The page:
• Employees can “check in” to various corporate locations, leaving tips and to-dos for other visiting employees. How many times have you wondered about the best place to park at a location you’ve never been to? Or security procedures?
  • Integration of HR transactional systems into Foursquare, so that employees can “check in” and earn points for visiting or performing various HR transactions such as time reporting or completing career development courses.
  • Facilitate the onboarding process by having badges for each essential part of the process — receive computer, complete new employee forms, attend required training, etc.
  • Encourage participation at employee town hall meetings or quarterly Webcasts by awarding special event badges.
  • Develop a recognition and rewards program around employees who have either earned a high number of points for each check-in or create special badges for employees who have performed stellar work.
  • Encourage attendance by having employees check in when they are in the office.

Suggested badges:

  • Newbie — New employees can receive the “Newbie” badge the first time they check in at the office.
  • Corporate Traveler — Employees who check in to five or more corporate locations can earn the Corporate Traveler badge.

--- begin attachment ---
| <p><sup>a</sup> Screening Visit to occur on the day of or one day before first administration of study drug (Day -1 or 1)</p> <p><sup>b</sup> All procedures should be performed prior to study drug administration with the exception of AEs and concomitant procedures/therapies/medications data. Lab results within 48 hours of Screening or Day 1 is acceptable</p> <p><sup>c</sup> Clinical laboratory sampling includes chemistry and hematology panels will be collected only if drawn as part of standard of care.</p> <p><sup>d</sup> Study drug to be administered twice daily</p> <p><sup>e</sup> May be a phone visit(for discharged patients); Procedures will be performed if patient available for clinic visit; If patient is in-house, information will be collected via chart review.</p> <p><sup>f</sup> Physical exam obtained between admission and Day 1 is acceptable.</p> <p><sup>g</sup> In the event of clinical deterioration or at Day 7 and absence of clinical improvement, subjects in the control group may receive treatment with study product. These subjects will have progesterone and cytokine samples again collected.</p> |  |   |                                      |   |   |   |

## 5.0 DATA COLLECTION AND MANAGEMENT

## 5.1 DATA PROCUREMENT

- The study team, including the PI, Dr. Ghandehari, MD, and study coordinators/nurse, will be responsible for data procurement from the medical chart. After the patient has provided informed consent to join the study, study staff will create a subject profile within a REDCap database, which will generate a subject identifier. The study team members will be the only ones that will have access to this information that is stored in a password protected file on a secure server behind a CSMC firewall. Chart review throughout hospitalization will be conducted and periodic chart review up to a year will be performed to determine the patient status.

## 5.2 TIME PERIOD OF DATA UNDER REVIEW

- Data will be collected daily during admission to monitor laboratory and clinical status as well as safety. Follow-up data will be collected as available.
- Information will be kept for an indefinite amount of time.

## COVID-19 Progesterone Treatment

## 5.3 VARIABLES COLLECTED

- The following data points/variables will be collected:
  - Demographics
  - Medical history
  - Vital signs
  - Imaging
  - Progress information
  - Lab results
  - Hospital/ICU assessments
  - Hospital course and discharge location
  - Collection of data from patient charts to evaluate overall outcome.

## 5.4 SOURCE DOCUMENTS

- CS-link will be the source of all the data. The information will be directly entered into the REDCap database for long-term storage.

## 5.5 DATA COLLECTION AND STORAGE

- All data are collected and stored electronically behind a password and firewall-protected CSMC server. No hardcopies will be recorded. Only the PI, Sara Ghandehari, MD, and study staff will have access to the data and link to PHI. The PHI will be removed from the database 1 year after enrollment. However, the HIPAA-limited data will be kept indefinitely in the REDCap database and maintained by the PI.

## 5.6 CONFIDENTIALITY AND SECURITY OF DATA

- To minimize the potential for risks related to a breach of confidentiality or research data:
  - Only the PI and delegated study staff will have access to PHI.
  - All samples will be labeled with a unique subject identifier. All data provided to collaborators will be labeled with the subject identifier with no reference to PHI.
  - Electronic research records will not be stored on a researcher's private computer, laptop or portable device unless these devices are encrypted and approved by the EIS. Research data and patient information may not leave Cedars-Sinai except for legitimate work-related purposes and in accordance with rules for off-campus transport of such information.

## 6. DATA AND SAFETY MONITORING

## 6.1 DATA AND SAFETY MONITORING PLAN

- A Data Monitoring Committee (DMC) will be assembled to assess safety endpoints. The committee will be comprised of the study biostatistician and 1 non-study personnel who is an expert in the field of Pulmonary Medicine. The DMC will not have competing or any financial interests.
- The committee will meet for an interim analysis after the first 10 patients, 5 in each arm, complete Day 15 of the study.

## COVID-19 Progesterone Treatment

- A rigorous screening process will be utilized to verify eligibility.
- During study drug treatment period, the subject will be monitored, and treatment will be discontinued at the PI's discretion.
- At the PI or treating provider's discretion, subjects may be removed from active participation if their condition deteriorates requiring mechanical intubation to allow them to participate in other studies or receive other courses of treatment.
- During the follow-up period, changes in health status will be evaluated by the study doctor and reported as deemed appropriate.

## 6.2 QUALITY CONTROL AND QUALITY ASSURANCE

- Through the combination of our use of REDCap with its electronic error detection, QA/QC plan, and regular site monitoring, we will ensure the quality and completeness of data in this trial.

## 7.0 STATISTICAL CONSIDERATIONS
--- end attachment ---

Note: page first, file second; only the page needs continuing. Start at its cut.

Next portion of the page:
• Corporate Kool-Aid — Employees who have earned points for checking in at all employee town hall meetings or quarterly Webcasts.
  • Coffee Break — Employees who have checked in at the corporate coffee bar more than 10 times in a month.
  • Corporate Warrior — Employees who have checked in at a corporate office more than 50 times.
  • Corporate Suck-up — Employees who have checked in at the same meeting or event as a senior leader or executive.

Any other ideas or suggestions? Please, by all means, leave them in the comments below! What badges would you create for your company?


Please note: the thoughts and ideas regarding Foursquare within the corporate enterprise, and ideas regarding Verizon Wireless specifically, are from my own senseless mind and should in no way reflect any thoughts, ideas or strategies of Verizon Communications.

Elizabeth

Elizabeth is a strategic communications leader with nearly 20 years experience in both internal and external communications. She is a passionate advocate for developing communications that foster a stronger relationship between the organization and its employees. She is a global keynote speaker on employee engagement and HR communications. Elizabeth is a certified professional in Employer Brand through Universum Global's Employer Branding Academy.

5 thoughts on “Putting Foursquare-esque Technology to Work… at Work

  1. Well done. I’ve been looking for a good explanation of Foursquare and this post provided it. And the internal examples are great. Would it be weaved into the corporate intranet somehow for both security purposes and also as as way to not necessarily create another channel that people have to go to?

    1. I am all about integration, and in fact, had been thinking further on your exact point. I would absolutely advise the incorporation of such a feature with either the Intranet, collaboration site, or, preferably, a site that is one and the same. This could easily be incorporated with an internalized Twitter platform as well. Something I’m fortunate to have at Verizon!